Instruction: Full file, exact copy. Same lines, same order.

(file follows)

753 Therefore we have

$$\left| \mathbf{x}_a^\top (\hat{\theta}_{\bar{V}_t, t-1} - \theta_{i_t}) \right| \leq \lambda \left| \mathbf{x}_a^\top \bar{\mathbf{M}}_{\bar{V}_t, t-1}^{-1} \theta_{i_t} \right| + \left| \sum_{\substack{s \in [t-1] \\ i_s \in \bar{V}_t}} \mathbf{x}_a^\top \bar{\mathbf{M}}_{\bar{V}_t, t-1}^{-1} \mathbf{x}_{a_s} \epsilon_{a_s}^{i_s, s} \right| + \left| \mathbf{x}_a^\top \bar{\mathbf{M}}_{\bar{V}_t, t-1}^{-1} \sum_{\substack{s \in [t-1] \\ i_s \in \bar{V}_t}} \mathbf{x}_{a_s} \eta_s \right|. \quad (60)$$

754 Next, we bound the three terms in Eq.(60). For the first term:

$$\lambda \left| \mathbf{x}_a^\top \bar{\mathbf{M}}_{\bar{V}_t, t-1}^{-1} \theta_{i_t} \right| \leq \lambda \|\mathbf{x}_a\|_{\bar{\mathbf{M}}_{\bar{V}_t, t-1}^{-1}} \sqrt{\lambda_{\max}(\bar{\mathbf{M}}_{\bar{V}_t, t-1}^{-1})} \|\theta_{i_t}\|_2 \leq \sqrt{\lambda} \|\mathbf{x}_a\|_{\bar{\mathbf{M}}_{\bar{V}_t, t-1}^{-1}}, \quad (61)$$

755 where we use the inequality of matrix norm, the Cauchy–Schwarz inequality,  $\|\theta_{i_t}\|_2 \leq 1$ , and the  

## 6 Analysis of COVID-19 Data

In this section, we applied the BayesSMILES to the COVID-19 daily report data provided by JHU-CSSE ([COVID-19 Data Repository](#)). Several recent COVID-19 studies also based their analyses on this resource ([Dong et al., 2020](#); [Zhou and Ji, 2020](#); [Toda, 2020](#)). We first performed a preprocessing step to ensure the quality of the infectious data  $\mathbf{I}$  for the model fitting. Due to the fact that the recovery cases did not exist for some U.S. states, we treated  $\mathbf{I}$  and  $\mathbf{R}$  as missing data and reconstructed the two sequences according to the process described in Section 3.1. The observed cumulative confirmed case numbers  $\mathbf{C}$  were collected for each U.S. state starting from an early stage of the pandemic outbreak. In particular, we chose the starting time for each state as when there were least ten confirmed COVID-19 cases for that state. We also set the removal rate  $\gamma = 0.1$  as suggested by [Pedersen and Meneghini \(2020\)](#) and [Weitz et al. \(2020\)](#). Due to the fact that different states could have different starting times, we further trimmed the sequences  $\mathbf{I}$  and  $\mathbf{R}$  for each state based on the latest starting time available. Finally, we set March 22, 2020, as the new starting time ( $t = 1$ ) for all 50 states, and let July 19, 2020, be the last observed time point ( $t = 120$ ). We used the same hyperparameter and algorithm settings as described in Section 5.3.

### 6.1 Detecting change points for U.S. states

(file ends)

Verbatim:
753 Therefore we have

$$\left| \mathbf{x}_a^\top (\hat{\theta}_{\bar{V}_t, t-1} - \theta_{i_t}) \right| \leq \lambda \left| \mathbf{x}_a^\top \bar{\mathbf{M}}_{\bar{V}_t, t-1}^{-1} \theta_{i_t} \right| + \left| \sum_{\substack{s \in [t-1] \\ i_s \in \bar{V}_t}} \mathbf{x}_a^\top \bar{\mathbf{M}}_{\bar{V}_t, t-1}^{-1} \mathbf{x}_{a_s} \epsilon_{a_s}^{i_s, s} \right| + \left| \mathbf{x}_a^\top \bar{\mathbf{M}}_{\bar{V}_t, t-1}^{-1} \sum_{\substack{s \in [t-1] \\ i_s \in \bar{V}_t}} \mathbf{x}_{a_s} \eta_s \right|. \quad (60)$$

754 Next, we bound the three terms in Eq.(60). For the first term:

$$\lambda \left| \mathbf{x}_a^\top \bar{\mathbf{M}}_{\bar{V}_t, t-1}^{-1} \theta_{i_t} \right| \leq \lambda \|\mathbf{x}_a\|_{\bar{\mathbf{M}}_{\bar{V}_t, t-1}^{-1}} \sqrt{\lambda_{\max}(\bar{\mathbf{M}}_{\bar{V}_t, t-1}^{-1})} \|\theta_{i_t}\|_2 \leq \sqrt{\lambda} \|\mathbf{x}_a\|_{\bar{\mathbf{M}}_{\bar{V}_t, t-1}^{-1}}, \quad (61)$$

755 where we use the inequality of matrix norm, the Cauchy–Schwarz inequality,  $\|\theta_{i_t}\|_2 \leq 1$ , and the  

## 6 Analysis of COVID-19 Data

In this section, we applied the BayesSMILES to the COVID-19 daily report data provided by JHU-CSSE ([COVID-19 Data Repository](#)). Several recent COVID-19 studies also based their analyses on this resource ([Dong et al., 2020](#); [Zhou and Ji, 2020](#); [Toda, 2020](#)). We first performed a preprocessing step to ensure the quality of the infectious data  $\mathbf{I}$  for the model fitting. Due to the fact that the recovery cases did not exist for some U.S. states, we treated  $\mathbf{I}$  and  $\mathbf{R}$  as missing data and reconstructed the two sequences according to the process described in Section 3.1. The observed cumulative confirmed case numbers  $\mathbf{C}$  were collected for each U.S. state starting from an early stage of the pandemic outbreak. In particular, we chose the starting time for each state as when there were least ten confirmed COVID-19 cases for that state. We also set the removal rate  $\gamma = 0.1$  as suggested by [Pedersen and Meneghini \(2020\)](#) and [Weitz et al. \(2020\)](#). Due to the fact that different states could have different starting times, we further trimmed the sequences  $\mathbf{I}$  and  $\mathbf{R}$  for each state based on the latest starting time available. Finally, we set March 22, 2020, as the new starting time ( $t = 1$ ) for all 50 states, and let July 19, 2020, be the last observed time point ( $t = 120$ ). We used the same hyperparameter and algorithm settings as described in Section 5.3.

### 6.1 Detecting change points for U.S. states